It’s been so long since I had a caffeinated beverage that I take it for granted now, but I was thinking about it today when reading Matthew Jeppsen’s post at FresHDV in which he quotes a recent interview with Ridley Scott.

Scott says:

I think movies are getting dumber, actually. Where it used to be 50/50, now it’s 3% good, 97% stupid. [The Assassination of Jesse James by the Coward Robert Ford] is one of those rarities that does get made, thank God, and has serious characterisation and serious things to say. Altogether it’s a wonderful, dramatic and historic piece. But it’s becoming more and more difficult to get films like this made.

I’ve sometimes found Ridley Scott’s work to be an example of (admittedly great) style over substance, but am I ever in agreement here.

In an effort to quantify the dumbness, what follows is a list of the top 20 grossing movies of 2007 to-date, in order. Films in bold are not sequels or based on previously existing franchises (i.e., a comic book or television series).

Spider-Man 3 – sequel (#3) / comic book franchise
Shrek the Third – sequel (#3)
Transformers – based on TV show
Pirates of the Caribbean: At World’s End – sequel (#3)
Harry Potter and the Order of the Phoenix – sequel / book franchise
The Bourne Ultimatum – sequel (#3) / based on book franchise
300
Ratatouille
The Simpsons Movie – based on 17 year-old TV series
Wild Hogs
Knocked Up
Live Free or Die Hard – sequel (#4)
Fantastic Four: Rise of the Silver Surfer – sequel (#2) / based on comic book franchise
Rush Hour 3 – sequel (#3)
Blades of Glory
I Now Pronounce You Chuck and Larry
Ocean’s Thirteen – second sequel to a remake
Ghost Rider – debatable: based on comic book franchise….
Hairspray – based on broadway show, which was based on movie
Superbad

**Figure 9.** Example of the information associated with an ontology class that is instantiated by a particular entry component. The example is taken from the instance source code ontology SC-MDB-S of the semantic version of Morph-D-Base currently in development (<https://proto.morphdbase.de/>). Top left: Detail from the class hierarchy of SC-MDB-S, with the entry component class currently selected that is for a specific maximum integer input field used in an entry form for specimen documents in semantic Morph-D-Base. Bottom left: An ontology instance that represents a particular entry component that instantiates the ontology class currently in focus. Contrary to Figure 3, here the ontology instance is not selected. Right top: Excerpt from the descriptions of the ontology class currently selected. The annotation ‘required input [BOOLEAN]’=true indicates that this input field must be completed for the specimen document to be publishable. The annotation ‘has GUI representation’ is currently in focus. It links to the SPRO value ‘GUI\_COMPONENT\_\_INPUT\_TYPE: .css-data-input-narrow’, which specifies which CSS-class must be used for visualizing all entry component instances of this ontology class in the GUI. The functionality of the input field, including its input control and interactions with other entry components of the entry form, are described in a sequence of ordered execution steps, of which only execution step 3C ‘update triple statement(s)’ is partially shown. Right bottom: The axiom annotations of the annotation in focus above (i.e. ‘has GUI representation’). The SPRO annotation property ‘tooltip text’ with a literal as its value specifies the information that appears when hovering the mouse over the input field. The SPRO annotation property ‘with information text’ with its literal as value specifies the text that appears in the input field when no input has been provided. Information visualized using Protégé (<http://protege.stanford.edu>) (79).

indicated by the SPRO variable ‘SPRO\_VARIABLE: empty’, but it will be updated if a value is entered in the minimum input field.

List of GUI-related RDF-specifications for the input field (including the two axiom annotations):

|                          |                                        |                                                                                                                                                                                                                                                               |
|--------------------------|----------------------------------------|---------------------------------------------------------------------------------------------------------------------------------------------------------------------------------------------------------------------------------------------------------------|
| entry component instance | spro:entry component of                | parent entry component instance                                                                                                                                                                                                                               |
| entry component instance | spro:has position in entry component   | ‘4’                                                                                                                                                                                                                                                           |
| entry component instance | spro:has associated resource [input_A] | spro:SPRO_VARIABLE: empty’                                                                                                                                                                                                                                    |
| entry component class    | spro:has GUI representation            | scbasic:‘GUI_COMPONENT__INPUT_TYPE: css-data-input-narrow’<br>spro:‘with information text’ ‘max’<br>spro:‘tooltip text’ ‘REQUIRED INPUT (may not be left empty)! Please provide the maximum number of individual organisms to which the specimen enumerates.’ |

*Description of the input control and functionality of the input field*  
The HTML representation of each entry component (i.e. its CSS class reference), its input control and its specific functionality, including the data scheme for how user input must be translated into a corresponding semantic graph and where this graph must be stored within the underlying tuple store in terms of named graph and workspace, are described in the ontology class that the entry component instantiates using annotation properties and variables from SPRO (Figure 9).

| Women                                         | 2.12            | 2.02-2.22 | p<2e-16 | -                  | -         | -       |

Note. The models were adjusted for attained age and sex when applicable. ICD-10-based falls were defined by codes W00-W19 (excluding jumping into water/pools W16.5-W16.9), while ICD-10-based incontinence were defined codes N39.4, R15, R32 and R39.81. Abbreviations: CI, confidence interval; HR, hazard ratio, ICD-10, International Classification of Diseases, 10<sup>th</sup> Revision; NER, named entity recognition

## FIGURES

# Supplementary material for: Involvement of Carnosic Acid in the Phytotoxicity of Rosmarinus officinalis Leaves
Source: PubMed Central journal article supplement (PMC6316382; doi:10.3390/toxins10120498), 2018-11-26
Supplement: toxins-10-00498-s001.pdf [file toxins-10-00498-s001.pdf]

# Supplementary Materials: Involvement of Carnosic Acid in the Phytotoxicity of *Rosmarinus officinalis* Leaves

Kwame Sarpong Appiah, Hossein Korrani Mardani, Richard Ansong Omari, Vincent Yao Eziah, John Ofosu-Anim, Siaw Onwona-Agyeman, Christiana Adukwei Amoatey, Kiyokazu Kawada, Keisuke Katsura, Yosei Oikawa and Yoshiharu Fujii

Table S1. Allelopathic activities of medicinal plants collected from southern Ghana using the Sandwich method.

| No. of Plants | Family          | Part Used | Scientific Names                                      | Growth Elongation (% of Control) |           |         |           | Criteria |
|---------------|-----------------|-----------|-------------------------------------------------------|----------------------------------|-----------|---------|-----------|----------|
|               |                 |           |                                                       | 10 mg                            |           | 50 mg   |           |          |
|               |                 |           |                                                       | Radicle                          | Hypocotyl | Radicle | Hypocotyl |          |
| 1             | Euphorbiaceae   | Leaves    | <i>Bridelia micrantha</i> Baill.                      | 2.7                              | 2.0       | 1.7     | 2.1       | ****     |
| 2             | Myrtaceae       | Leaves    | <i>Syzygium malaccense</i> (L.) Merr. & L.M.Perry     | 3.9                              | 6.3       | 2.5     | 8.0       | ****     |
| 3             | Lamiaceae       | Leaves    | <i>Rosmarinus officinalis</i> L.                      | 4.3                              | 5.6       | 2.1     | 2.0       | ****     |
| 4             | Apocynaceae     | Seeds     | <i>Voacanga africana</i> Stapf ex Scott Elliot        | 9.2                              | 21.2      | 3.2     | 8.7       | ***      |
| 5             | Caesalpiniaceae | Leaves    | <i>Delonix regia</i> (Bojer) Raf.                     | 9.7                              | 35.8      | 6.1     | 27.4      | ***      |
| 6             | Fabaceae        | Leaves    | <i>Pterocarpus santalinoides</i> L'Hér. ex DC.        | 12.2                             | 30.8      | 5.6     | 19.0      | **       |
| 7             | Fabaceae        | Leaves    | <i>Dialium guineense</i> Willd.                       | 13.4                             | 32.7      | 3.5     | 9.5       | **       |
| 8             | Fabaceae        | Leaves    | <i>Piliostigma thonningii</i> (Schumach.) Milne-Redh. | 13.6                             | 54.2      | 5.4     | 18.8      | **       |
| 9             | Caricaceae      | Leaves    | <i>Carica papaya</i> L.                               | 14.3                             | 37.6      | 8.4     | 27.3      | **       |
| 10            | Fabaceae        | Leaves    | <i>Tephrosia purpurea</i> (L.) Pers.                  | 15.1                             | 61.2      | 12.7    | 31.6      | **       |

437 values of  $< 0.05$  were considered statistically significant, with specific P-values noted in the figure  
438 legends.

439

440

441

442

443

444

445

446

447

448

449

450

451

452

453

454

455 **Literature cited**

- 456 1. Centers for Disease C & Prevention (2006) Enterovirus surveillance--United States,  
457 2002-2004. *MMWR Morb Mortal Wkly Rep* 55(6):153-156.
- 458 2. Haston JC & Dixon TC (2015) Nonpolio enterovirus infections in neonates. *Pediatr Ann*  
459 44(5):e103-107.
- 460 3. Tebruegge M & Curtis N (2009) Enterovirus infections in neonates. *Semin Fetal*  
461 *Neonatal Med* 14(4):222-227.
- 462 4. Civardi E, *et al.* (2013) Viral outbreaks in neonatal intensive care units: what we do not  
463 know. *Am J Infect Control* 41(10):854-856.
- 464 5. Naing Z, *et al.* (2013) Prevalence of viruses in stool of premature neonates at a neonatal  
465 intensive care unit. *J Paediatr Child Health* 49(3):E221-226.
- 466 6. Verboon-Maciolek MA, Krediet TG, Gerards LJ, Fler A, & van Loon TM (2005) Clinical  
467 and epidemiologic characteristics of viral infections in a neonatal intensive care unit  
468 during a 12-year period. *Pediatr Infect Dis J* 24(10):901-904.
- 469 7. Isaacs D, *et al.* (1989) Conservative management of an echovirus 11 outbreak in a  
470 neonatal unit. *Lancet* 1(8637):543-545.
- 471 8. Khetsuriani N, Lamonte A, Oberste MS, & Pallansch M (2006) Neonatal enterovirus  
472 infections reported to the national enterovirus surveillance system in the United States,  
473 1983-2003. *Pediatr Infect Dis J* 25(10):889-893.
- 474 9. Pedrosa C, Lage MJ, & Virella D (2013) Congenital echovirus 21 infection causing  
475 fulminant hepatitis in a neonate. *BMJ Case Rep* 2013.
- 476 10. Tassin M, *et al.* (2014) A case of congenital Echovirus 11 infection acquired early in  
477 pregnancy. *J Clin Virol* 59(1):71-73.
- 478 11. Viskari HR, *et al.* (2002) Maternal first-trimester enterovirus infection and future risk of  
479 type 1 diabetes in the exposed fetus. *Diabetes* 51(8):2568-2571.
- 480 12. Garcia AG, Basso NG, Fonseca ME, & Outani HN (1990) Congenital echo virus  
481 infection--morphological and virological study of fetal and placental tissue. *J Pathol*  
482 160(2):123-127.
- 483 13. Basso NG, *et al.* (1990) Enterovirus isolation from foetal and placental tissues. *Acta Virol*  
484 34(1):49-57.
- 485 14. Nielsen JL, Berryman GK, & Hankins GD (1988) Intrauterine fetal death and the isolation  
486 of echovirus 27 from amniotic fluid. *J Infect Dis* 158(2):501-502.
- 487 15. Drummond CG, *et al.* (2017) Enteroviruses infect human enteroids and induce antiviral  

Out of 20 films, seven or eight are “original”, if you can call Wild Hogs and Blades of Glory “original.” [Addendum: Adaptations of non-franchise literature, etc. count as original works. See discussion in comments below.]

If that doesn’t get you down, look at the all-time top grossing movies in the USA, where you’ll see that 13 of the 20 were released in the last seven years. Of those 13, two (The Passion of the Christ and Finding Nemo) aren’t sequels, remakes, or based on pre-existing franchises.

Shutting myself in a dark room isn’t going to make the headache that is this list of movies go away, but I am going to give up watching any new sequels and remakes. Even if some of these movies are ok, I’m sick of the practice in general principle. Why encourage Hollywood to do it any longer? Like caffeine, I’m going cold turkey, giving this stuff up in toto.

Sure, I might miss something like Cronenberg’s The Fly or Sirk’s Imitation of Life (two of my favorite remakes), but something tells me the withdrawal period will last shorter than when I gave up caffeine.

UPDATE 9/23/07: Alert reader AJ Broadbent has sent word of even more dissenting opinions. Click here for the full story!!

No Budget Film School

Sunday, August 19th, 2007

Back in January, I participated in a conversation on DIY filmmaking with Workbook Project founder Lance Weiler (Head Trauma) and Mark Stolaroff (producer and founder of the No Budget Film School). I enjoyed the discussion and certainly learned a few things myself.

Mark recently notified me that his No Budget Film School is holding a two-day immersion workshop entitled, “The Art & Science of No-Budget Filmmaking” in Los Angeles next weekend (8/25 & 8/26), so I thought I’d pass the word along.

I haven’t attended one of these workshops myself, so I can’t directly endorse it. I will say, though, that the list of confirmed Guest Speakers — which includes Peter Broderick (President, Paradigm Consulting; former President, Next Wave Films), Craig Zobel (Director, Great World Of Sound – 2007 Sundance), and Ti West (Director, The Roost; Trigger Man) looks promising.

And it’s not terribly expensive as far as these things go. The two-day workshop is $275 in advance; $200 if you’re a college student with ID. When you consider that all paid attendees of the workshop receive Axium Scheduling and Axium Budgeting software for free (reportedly a $400 value) it might end up being a pretty good bargain.

If you’re in L.A. and you’re debating whether or not to go, you might give that conference between Lance, Mark, and me a listen. If you like what Mark has to say, check out the workshop.